This is precisely what London and every other bidding city has failed to do.
Chris Page, a Coral Gables risk-management consultant, was bidding on behalf of several clients who preferred to remain anonymous.
Ross vied for a monumental Joan Miro towering over five feet high but dropped out of the bidding.
At one point more than ten publishers were in the mix, some within Random House bidding against each other (as is their wont).
When asked about the bidding war over their wedding photos, Pratt chuckles.
Her voice was full of emotion and he turned his wheel and stopped at her bidding.
I saw him off, bidding him what proved to be a last farewell.
And then there seemed to me to be a new sound rising among the thunder, and I called to Harek, bidding him hearken.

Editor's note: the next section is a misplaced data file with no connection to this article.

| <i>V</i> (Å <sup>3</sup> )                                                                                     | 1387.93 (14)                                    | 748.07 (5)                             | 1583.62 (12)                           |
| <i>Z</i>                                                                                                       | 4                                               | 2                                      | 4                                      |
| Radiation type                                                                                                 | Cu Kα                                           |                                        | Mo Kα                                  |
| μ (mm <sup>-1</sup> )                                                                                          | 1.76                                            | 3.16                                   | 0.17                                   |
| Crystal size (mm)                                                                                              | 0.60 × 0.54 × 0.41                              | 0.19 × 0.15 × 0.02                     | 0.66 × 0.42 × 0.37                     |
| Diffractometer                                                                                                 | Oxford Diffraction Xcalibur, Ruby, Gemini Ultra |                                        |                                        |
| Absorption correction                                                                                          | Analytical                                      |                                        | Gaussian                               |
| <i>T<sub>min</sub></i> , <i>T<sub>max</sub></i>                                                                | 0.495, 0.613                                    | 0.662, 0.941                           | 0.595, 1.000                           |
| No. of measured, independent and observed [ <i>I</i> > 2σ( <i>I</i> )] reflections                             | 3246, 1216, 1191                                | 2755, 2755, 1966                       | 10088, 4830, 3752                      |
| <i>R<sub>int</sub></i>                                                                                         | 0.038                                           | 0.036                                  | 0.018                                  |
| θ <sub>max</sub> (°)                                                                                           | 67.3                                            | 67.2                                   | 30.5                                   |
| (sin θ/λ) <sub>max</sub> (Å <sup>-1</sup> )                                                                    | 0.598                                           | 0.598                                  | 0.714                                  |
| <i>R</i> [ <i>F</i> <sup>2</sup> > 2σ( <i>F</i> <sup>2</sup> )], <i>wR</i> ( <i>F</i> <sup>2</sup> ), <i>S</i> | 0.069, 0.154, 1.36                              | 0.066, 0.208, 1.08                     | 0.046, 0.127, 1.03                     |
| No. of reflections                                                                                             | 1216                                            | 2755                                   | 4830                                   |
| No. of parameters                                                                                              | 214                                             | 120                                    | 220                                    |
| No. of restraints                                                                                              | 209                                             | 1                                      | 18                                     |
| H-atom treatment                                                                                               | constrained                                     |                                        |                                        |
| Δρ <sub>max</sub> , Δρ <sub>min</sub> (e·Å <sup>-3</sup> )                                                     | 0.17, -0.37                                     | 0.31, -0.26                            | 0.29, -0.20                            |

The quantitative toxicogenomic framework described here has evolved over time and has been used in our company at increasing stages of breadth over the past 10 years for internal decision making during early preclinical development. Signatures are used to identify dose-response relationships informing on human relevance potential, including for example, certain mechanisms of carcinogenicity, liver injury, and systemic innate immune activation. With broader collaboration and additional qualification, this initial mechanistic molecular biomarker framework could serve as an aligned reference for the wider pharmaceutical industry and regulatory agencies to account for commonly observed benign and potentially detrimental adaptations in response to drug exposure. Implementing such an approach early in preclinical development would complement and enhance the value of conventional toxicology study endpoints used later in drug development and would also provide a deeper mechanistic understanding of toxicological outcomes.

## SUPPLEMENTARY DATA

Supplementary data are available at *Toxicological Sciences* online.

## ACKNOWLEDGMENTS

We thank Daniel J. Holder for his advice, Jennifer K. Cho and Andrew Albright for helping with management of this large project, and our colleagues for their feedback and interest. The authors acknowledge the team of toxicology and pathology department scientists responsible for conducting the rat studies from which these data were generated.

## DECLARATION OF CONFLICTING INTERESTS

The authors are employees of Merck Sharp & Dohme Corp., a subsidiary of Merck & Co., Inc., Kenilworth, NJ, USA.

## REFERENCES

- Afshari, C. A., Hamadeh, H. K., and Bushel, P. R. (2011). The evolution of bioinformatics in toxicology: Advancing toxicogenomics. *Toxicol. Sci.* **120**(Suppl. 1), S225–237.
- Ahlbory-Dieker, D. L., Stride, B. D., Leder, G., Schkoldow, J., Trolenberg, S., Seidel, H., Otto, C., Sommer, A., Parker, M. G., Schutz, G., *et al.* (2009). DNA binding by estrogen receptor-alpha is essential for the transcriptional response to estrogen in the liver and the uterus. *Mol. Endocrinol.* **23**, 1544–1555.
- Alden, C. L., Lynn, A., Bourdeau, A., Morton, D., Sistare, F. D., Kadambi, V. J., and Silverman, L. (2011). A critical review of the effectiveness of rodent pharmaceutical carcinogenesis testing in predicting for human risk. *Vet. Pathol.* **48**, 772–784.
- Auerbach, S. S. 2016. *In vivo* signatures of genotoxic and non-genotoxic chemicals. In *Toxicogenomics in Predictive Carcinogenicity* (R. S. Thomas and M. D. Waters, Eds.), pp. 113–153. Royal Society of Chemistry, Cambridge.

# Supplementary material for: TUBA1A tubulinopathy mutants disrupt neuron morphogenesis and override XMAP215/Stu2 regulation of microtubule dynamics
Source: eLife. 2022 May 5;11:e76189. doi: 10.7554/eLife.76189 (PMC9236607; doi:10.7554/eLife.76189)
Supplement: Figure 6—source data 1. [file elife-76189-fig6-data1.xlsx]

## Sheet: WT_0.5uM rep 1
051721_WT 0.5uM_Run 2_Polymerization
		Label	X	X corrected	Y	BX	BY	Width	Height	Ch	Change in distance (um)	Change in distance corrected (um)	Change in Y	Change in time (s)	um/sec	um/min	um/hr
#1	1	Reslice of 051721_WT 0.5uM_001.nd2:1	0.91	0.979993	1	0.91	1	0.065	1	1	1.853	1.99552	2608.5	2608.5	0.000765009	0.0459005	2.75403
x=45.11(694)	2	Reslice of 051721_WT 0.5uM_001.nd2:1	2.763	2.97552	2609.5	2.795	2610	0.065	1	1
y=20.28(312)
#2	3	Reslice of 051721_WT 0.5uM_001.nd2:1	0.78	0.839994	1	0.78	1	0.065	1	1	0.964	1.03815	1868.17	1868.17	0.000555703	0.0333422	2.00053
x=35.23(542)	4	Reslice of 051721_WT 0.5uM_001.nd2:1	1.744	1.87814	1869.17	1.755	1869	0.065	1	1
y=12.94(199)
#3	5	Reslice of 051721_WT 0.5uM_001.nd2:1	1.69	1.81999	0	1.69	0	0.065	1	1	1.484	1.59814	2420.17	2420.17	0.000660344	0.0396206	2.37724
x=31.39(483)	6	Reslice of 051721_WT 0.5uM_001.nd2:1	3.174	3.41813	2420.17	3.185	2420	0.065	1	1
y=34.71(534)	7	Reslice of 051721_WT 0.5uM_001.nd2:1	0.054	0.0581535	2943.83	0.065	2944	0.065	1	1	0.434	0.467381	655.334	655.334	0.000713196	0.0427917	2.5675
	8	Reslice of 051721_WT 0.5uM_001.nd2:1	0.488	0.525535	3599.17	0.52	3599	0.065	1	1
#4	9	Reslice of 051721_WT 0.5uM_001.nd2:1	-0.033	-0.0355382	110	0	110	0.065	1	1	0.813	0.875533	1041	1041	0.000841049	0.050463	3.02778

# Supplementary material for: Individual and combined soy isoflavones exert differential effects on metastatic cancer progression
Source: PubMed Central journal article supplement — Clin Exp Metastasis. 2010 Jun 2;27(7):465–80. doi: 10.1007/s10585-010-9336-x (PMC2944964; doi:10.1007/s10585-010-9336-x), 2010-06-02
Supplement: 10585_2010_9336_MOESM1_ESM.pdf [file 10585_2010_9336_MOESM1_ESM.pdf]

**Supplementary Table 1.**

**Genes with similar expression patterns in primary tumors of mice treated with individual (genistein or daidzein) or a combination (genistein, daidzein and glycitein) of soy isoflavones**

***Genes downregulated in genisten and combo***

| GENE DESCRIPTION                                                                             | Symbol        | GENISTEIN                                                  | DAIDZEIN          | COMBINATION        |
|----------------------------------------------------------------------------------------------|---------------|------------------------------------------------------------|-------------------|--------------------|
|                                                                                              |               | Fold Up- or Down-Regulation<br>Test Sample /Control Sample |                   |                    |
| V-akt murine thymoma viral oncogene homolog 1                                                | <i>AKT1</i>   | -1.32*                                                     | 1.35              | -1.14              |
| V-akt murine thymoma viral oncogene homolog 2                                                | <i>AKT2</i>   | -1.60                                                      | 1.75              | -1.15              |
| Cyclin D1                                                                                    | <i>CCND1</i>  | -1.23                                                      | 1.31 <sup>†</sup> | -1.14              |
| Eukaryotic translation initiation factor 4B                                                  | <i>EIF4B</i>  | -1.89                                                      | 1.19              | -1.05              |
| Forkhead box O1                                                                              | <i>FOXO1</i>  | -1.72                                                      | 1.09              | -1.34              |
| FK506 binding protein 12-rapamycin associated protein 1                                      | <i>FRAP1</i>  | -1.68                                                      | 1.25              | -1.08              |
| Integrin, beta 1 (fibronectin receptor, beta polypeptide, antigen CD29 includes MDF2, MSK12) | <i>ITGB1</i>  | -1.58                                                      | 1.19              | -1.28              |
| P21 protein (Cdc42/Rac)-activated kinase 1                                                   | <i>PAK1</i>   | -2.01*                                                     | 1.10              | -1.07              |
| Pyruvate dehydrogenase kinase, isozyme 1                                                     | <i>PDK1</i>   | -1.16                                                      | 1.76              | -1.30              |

When he was called by the king's bidding, he walked, without waiting for his carriage.
But the Spartans cast the envoys into a pit, bidding them take thence earth and water to carry to the king.
probably a merger of two old words: The sense in bid farewell is from Old English biddan "to ask, entreat, pray, beseech; order; beg" (class V strong verb, past tense bæd, past participle beden), from Proto-Germanic *bidjan "to pray, entreat" (cf. German bitten "to ask," attested from 8c.), which, according to Kluge and Watkins is from a PIE root *gwhedh- "to ask, pray" (see bead (n.)).
To bid at an auction, meanwhile, is from Old English beodan "offer, proclaim" (class II strong verb; past tense bead, p.p. boden), from Proto-Germanic *biudanan "to stretch out, reach out, offer, present," (cf. German bieten "to offer"), from PIE root *bh(e)udh- "to be aware, make aware" (cf. Sanskrit bodhati "is awake, is watchful, observes," buddhah "awakened, enlightened;" Old Church Slavonic bljudo "to observe;" Lithuanian budeti "to be awake;" Old Irish buide "contentment, thanks"). As a noun, 1788, from the verb.